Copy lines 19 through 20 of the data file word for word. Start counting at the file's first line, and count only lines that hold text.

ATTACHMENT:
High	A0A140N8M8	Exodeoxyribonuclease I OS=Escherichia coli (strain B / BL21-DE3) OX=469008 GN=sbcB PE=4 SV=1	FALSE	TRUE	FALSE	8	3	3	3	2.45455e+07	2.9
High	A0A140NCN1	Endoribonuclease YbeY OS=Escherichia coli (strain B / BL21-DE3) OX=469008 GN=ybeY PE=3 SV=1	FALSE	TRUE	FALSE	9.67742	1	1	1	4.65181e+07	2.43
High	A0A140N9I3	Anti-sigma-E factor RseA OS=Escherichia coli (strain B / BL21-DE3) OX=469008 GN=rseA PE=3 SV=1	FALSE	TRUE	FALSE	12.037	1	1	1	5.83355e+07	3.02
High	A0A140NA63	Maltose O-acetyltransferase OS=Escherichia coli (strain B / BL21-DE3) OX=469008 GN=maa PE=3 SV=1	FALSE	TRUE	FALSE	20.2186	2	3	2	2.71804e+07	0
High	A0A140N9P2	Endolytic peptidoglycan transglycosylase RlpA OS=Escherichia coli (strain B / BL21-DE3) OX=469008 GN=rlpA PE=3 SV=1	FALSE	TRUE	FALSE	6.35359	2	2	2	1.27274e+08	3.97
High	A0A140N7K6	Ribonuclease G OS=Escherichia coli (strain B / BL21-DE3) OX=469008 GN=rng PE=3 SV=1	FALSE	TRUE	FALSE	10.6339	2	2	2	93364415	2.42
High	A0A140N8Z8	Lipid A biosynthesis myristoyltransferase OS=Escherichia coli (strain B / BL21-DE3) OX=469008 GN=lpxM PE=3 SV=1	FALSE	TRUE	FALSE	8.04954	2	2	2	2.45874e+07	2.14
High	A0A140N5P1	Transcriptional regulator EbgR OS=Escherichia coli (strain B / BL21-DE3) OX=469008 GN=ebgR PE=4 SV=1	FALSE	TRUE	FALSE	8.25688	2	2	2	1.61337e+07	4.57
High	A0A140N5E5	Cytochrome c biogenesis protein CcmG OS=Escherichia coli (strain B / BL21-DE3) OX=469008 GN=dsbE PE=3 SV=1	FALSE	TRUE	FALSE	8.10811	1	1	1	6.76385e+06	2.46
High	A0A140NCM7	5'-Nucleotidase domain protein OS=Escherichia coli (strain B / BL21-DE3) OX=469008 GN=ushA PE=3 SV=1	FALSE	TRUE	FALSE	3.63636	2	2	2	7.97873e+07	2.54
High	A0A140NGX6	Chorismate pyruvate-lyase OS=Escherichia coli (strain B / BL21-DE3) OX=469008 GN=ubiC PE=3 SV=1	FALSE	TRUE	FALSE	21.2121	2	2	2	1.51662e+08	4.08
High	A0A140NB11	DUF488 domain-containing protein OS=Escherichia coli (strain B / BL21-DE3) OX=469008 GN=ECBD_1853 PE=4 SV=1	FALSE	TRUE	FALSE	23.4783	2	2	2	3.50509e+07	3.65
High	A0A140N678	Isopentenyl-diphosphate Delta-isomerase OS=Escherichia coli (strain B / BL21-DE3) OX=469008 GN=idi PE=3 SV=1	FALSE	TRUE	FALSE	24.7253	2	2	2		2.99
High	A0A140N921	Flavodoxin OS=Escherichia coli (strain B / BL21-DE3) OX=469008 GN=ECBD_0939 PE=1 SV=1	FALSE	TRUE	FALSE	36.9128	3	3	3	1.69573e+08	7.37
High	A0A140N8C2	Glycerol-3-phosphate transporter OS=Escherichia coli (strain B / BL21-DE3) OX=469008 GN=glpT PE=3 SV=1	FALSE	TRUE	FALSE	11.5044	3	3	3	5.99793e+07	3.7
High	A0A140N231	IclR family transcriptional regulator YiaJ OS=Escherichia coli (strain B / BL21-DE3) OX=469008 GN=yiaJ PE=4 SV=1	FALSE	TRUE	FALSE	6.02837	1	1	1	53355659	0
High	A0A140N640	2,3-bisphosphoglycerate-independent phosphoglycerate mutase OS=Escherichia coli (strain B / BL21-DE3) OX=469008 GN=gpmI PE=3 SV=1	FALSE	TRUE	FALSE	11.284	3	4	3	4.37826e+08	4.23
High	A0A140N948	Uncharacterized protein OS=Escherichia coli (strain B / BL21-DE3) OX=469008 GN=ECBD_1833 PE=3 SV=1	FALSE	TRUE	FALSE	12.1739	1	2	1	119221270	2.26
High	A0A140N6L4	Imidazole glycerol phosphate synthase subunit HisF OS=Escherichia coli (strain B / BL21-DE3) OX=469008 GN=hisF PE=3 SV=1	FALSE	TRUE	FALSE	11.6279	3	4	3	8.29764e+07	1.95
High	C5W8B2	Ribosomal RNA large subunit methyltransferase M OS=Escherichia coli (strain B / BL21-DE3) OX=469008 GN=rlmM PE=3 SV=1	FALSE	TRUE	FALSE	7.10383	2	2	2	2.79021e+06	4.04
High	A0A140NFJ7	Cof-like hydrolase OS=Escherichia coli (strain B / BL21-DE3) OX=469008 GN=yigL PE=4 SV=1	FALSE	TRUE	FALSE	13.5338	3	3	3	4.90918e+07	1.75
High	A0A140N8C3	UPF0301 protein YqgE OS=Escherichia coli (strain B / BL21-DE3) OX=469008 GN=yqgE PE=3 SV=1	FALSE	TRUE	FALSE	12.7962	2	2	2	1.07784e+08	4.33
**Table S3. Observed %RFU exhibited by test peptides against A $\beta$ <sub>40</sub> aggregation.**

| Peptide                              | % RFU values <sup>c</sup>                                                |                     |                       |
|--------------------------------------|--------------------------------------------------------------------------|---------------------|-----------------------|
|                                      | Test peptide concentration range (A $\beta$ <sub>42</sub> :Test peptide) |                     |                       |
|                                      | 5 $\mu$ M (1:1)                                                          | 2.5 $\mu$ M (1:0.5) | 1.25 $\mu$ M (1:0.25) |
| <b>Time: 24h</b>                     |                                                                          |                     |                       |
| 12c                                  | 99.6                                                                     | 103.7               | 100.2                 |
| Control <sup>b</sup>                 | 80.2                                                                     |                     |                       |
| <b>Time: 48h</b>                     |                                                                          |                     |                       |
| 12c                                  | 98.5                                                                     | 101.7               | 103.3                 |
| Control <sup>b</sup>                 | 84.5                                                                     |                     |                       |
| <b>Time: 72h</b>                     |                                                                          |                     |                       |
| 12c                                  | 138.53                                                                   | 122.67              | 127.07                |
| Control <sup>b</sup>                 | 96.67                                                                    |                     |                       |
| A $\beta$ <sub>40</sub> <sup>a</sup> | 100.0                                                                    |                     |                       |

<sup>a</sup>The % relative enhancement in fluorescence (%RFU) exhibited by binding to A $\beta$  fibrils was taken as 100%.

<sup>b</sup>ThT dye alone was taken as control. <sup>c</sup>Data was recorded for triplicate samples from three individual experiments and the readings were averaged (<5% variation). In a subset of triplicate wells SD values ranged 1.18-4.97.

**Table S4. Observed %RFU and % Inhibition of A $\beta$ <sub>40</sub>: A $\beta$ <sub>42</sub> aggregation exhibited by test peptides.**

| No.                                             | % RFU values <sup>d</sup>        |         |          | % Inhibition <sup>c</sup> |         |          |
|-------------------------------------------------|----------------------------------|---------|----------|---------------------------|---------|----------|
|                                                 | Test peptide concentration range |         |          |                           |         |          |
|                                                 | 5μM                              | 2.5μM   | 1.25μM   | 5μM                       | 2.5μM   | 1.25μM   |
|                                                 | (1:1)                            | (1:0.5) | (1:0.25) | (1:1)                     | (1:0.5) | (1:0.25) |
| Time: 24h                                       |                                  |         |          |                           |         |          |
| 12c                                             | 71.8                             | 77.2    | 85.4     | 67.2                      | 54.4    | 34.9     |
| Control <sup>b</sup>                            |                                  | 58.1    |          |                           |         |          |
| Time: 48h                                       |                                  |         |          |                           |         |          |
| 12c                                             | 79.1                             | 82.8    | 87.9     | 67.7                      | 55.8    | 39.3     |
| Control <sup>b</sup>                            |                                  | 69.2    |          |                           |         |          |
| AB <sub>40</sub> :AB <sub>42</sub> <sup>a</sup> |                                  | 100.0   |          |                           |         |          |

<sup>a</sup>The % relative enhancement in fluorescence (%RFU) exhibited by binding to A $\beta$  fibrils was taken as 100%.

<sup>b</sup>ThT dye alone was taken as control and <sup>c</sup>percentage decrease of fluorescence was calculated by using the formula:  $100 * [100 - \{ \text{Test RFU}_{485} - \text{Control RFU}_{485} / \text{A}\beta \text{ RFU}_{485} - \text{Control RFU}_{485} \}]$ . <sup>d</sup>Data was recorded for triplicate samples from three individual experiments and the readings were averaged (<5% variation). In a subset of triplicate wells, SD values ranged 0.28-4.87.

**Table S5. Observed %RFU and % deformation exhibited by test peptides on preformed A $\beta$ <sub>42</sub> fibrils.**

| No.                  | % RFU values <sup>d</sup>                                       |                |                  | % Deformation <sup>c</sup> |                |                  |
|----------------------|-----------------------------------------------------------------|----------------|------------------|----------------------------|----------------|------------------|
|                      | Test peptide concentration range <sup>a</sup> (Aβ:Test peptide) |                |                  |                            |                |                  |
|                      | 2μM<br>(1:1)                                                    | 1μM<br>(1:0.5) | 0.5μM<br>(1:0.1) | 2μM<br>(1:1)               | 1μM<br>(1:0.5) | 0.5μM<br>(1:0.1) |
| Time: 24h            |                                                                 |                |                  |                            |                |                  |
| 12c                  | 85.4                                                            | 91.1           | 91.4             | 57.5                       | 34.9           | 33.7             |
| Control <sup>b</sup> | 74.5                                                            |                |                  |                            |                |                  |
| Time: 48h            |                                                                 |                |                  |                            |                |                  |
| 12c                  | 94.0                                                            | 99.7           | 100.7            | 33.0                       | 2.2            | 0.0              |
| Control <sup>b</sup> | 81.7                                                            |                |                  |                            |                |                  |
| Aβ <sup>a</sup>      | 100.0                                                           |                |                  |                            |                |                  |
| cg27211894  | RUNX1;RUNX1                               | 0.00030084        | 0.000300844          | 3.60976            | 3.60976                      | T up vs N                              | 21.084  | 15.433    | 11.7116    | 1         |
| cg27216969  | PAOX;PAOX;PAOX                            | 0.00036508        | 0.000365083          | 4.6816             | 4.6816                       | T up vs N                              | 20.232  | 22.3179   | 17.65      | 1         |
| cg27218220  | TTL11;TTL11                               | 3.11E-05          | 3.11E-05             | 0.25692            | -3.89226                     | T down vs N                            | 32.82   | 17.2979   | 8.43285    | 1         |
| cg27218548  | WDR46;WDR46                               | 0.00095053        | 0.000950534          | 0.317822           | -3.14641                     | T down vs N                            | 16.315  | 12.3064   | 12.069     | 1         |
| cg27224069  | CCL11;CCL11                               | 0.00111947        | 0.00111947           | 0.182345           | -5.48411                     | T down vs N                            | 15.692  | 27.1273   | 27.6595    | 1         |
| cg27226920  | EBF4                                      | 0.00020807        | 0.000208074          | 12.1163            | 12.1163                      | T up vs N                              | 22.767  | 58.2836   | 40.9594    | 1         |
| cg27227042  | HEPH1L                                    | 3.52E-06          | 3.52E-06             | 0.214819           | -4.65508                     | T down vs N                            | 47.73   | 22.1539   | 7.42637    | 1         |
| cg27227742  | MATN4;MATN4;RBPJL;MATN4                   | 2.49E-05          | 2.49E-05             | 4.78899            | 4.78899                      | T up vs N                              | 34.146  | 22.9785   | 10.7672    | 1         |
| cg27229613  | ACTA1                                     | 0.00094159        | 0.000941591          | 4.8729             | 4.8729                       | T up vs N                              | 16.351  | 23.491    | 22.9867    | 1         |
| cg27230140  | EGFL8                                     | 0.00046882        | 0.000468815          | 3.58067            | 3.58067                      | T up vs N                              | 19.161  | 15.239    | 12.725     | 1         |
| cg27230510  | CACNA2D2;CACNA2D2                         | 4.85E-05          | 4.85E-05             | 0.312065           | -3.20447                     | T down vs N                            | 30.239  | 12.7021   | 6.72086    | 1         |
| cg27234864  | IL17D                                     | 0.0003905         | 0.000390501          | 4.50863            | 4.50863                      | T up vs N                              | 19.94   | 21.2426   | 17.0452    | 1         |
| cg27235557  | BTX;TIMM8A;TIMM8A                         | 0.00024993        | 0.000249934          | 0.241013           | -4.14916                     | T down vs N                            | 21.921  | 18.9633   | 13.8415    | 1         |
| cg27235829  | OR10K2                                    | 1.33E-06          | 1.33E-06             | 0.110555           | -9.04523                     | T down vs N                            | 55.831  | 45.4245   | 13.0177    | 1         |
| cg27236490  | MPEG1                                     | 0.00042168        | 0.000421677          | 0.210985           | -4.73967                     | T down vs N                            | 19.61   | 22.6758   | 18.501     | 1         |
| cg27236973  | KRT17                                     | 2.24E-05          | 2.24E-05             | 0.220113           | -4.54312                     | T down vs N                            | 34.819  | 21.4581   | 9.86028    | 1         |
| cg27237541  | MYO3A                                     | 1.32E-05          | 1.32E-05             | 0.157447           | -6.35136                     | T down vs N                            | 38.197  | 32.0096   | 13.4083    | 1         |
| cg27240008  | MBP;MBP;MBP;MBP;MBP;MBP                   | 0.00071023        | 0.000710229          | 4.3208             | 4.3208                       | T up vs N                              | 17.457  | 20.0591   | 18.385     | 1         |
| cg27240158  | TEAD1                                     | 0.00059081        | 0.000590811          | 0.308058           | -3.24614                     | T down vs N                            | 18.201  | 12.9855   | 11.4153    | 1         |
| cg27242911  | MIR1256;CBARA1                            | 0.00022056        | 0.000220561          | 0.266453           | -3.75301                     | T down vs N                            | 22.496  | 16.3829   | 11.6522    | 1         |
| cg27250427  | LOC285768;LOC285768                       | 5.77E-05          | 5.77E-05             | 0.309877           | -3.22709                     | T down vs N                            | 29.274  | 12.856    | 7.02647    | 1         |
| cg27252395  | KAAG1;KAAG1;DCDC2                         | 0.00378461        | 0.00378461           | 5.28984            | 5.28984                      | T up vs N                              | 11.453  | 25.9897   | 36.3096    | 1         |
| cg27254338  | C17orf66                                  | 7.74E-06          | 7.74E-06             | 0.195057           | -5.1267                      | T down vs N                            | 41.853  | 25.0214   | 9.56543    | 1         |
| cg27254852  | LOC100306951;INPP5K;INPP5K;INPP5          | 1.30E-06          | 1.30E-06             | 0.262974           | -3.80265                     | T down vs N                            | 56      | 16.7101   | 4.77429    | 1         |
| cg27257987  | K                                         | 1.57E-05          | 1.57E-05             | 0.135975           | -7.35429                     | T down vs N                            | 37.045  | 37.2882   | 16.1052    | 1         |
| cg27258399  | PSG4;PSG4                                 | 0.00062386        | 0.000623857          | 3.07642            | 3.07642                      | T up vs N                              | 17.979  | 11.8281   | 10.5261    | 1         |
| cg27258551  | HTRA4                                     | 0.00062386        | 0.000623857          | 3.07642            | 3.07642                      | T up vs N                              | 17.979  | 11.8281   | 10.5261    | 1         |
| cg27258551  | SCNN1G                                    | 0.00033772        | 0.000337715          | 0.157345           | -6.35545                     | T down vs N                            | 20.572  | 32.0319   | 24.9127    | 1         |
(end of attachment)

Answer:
High	A0A140N6L4	Imidazole glycerol phosphate synthase subunit HisF OS=Escherichia coli (strain B / BL21-DE3) OX=469008 GN=hisF PE=3 SV=1	FALSE	TRUE	FALSE	11.6279	3	4	3	8.29764e+07	1.95
High	C5W8B2	Ribosomal RNA large subunit methyltransferase M OS=Escherichia coli (strain B / BL21-DE3) OX=469008 GN=rlmM PE=3 SV=1	FALSE	TRUE	FALSE	7.10383	2	2	2	2.79021e+06	4.04